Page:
Time your contractions from the start of one to the start of the next one. Are they getting stronger and closer together? If the contraction pains come in a regular pattern and they are about five minutes apart for at least one hour, it is probably real labor. If the contraction pains come in an irregular pattern, it is probably false labor.

How long do the contractions last?

Time the length of each contraction. Count the number of seconds from when the pain starts to when it goes away. Real labor contraction pains typically last between 30-75 seconds. Early labor contraction pains usually last from 10 to 45 seconds.

How painful are they?

Have the uncomfortable feelings changed to more intense pains? Does the pain take your breath away? Does it feel like you can’t walk or talk? If every contraction pain is this intense, it is probably real labor. If the contractions vary in length and strength, and you can walk and talk through the pains, it is probably false labor.
Can
you
stop
the
contractions?

Real labor contractions cannot be stopped. They usually get more intense when you walk or do any other activities. False labor contractions usually stop or slow down when you stay active.
Where
are
the
contractions
located?

Real labor contractions usually start in the upper belly at the top of the uterus. The pain progresses in a twisting motion to the entire belly and lower back. If the contractions are mostly in the lower belly area, it is probably false labor. Some women feel increased pressure in their vaginas with real labor.

If your contractions are spaced three to five minutes apart for one hour, call your provider or go to the hospital. Call for advice if you are not sure your pains are real labor or false labor. The nurses who work in the hospital’s labor and delivery area are good resources for labor advice. Having a nurse check you and your baby for a real labor takes about an hour at the hospital and may help ease your worries. Tell the nurses if you think your bag of water may have broken so they can check for this during your exam. You are probably in real labor if your cervix has dilated more than four centimeters and you are having regular strong contractions.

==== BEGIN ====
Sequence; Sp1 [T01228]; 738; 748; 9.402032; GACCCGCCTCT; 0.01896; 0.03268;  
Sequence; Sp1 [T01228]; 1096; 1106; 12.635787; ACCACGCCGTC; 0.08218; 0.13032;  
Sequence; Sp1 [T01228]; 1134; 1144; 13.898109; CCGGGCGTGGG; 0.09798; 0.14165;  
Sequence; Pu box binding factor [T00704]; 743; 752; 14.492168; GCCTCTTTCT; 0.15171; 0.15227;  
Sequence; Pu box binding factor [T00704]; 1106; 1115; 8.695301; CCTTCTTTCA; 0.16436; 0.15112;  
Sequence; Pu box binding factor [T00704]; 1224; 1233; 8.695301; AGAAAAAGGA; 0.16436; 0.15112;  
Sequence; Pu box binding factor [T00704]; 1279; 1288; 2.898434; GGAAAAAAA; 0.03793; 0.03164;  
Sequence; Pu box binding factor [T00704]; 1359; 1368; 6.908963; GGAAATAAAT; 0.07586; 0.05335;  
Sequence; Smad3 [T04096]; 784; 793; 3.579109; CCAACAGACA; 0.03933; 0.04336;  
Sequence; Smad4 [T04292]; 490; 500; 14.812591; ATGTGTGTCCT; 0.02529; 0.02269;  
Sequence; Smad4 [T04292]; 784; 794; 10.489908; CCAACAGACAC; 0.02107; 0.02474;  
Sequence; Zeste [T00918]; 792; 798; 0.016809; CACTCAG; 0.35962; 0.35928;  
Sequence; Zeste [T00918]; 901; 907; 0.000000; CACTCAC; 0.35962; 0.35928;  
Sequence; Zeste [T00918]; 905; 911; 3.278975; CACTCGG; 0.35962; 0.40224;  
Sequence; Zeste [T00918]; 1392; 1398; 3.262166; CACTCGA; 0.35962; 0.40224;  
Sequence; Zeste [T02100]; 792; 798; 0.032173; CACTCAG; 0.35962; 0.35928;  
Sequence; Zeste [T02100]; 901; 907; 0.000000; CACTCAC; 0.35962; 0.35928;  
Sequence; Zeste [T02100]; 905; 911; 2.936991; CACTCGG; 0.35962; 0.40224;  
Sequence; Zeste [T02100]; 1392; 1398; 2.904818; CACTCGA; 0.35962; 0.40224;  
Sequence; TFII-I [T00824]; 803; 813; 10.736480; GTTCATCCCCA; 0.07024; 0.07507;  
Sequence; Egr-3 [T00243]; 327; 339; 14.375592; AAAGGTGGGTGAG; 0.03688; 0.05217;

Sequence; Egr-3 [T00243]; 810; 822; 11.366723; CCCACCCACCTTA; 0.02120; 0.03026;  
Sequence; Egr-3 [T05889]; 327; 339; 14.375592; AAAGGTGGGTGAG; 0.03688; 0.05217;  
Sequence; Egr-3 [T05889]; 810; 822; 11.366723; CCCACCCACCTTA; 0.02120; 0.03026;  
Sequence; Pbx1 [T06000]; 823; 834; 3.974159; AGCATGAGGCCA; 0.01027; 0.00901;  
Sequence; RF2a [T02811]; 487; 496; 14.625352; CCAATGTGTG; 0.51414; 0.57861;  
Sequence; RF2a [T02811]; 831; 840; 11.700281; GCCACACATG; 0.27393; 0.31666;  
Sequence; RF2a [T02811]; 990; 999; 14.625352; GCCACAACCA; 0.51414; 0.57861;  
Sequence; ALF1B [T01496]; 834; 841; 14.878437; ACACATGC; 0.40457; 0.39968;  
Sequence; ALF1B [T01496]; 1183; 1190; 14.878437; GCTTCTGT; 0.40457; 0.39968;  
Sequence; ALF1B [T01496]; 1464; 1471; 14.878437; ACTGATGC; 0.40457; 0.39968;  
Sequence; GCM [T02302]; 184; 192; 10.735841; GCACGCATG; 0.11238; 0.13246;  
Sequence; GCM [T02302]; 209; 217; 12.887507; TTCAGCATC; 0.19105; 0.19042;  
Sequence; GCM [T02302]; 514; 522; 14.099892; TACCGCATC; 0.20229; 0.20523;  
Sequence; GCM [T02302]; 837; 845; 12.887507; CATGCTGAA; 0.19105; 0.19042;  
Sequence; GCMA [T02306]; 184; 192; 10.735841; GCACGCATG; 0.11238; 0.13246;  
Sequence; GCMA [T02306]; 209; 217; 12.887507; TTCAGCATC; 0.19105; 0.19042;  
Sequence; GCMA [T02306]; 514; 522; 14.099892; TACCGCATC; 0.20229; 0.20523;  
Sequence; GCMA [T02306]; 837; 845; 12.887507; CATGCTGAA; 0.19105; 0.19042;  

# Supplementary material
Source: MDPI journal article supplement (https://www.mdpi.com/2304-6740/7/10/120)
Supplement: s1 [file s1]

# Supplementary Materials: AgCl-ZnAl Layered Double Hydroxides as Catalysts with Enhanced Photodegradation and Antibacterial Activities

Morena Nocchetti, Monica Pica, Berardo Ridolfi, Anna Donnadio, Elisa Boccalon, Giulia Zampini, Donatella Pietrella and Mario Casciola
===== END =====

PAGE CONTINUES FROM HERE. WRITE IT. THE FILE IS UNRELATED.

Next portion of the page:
How will I know if my bag of water breaks?



Your baby lives in a balloon-like sack filled with water. If the balloon breaks, you usually feel a gush of warm liquid. If the balloon has a tiny pinhole “leak,” you may not know it has broken. A broken bag or a leaking bag can happen at any point during pregnancy.

Call your provider or go to the hospital if:

You feel a gush of liquid
You feel “wetter” than usual coming from your vagina in your vaginal area

At the hospital or provider’s office, a special test can confirm whether your water has or has not broken. Checking the liquid for certain characteristics is easy and fast.

This simple home check may help you determine the difference between your water breaking and urine leaking:

Empty your bladder and put a folded washcloth in your crotch area (don’t use a sanitary pad as they are made to wick moisture away from the surface). If the cloth gets wet in a few minutes, your water may have broken. If the cloth smells like urine, you may have leaked urine. Call your provider or go to the hospital if you cannot tell what has happened.

The bag of water breaking experience is different for all women. Some feel a gush of warm liquid while others only feel a trickle. The liquid varies in color. Most liquid is a clear yellowish color. Sometimes it has flecks of white floating in it. Some say it has a unique “earthy” kind of a smell to it. Occasionally the liquid has a greenish color. The green color usually means the unborn baby has had a bowel move- ment inside and it has stained the water that color.